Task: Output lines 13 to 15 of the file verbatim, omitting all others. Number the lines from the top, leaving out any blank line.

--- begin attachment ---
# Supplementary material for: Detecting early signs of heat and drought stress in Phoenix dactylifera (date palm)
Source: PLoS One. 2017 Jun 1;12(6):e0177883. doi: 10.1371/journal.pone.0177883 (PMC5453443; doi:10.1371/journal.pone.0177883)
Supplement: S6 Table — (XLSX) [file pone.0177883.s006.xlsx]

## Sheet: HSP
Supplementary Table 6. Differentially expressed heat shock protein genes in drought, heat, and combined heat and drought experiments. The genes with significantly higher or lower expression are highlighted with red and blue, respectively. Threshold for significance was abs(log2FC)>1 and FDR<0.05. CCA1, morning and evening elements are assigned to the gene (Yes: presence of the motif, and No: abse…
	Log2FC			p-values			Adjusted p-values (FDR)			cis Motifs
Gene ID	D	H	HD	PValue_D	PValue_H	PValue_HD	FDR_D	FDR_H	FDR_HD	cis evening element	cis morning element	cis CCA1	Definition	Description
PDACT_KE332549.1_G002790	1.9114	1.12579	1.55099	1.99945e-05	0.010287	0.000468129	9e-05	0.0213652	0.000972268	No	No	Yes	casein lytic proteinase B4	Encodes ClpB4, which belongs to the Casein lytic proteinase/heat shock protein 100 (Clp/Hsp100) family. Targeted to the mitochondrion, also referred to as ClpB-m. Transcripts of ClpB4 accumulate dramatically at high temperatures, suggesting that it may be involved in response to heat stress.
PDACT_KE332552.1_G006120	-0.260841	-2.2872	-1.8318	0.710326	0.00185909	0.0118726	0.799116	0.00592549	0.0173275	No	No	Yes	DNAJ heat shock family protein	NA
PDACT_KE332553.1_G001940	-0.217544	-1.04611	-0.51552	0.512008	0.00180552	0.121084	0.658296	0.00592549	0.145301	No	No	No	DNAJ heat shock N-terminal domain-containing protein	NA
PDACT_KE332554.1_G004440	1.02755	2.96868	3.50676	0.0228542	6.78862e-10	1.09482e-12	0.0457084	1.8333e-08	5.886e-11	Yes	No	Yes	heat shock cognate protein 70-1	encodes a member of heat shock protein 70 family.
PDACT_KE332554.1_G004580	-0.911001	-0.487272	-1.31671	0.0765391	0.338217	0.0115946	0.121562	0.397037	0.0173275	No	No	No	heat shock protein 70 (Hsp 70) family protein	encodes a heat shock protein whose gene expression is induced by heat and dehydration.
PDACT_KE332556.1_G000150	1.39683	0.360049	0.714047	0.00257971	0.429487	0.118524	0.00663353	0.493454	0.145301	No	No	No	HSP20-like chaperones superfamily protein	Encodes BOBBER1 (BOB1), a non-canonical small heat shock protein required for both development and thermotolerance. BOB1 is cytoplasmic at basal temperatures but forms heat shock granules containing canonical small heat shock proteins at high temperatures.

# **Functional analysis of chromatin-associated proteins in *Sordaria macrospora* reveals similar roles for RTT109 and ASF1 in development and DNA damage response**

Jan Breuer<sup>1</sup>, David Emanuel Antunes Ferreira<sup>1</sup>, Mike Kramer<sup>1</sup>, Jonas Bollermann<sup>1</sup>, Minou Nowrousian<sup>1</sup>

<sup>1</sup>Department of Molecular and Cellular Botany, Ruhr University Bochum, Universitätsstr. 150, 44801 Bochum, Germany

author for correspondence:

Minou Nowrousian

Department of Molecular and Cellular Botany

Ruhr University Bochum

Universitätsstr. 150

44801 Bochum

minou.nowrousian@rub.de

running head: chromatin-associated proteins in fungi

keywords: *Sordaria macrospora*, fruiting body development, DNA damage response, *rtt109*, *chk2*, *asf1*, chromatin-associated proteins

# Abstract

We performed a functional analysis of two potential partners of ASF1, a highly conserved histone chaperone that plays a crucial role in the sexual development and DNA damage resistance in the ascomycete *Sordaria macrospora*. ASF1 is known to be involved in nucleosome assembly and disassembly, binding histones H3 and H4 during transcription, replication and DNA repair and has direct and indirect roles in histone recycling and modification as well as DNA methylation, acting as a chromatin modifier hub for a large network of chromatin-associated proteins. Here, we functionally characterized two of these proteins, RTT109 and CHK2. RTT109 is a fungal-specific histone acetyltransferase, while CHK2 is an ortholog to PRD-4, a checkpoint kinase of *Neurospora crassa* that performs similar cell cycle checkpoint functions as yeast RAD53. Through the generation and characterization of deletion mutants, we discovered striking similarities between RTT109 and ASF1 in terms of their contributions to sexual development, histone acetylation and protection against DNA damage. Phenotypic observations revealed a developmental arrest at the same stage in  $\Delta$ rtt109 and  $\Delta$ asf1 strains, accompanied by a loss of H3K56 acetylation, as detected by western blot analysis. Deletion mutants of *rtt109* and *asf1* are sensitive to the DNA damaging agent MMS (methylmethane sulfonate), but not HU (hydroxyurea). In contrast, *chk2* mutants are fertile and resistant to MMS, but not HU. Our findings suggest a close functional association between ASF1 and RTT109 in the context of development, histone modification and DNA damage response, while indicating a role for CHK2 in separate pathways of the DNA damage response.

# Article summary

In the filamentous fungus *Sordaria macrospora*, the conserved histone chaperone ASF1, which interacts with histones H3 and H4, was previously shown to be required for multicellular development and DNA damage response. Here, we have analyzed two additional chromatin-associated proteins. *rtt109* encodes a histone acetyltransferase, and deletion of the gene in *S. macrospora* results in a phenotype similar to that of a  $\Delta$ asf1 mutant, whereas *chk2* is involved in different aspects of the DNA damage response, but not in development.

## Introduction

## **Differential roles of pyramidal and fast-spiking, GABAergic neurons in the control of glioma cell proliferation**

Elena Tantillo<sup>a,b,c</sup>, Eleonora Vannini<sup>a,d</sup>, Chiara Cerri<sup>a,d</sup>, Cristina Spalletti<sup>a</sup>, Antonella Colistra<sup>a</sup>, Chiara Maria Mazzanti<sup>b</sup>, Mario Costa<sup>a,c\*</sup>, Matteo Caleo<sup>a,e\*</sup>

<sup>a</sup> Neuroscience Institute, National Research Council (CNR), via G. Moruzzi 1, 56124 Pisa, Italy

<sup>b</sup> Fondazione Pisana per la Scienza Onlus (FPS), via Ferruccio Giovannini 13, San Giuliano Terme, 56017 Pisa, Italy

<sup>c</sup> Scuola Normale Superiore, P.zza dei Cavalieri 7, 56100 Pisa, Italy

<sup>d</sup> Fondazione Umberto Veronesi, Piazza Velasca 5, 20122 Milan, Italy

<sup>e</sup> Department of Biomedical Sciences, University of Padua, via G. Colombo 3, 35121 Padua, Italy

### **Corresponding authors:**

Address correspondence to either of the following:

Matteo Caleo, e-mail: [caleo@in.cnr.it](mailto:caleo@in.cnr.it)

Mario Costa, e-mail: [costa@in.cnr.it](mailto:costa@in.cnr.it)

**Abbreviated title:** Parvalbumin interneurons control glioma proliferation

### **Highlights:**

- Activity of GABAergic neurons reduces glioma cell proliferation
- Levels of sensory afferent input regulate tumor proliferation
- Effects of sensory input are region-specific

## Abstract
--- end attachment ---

PDACT_KE332556.1_G000150	1.39683	0.360049	0.714047	0.00257971	0.429487	0.118524	0.00663353	0.493454	0.145301	No	No	No	HSP20-like chaperones superfamily protein	Encodes BOBBER1 (BOB1), a non-canonical small heat shock protein required for both development and thermotolerance. BOB1 is cytoplasmic at basal temperatures but forms heat shock granules containing canonical small heat shock proteins at high temperatures.

# **Functional analysis of chromatin-associated proteins in *Sordaria macrospora* reveals similar roles for RTT109 and ASF1 in development and DNA damage response**

Jan Breuer<sup>1</sup>, David Emanuel Antunes Ferreira<sup>1</sup>, Mike Kramer<sup>1</sup>, Jonas Bollermann<sup>1</sup>, Minou Nowrousian<sup>1</sup>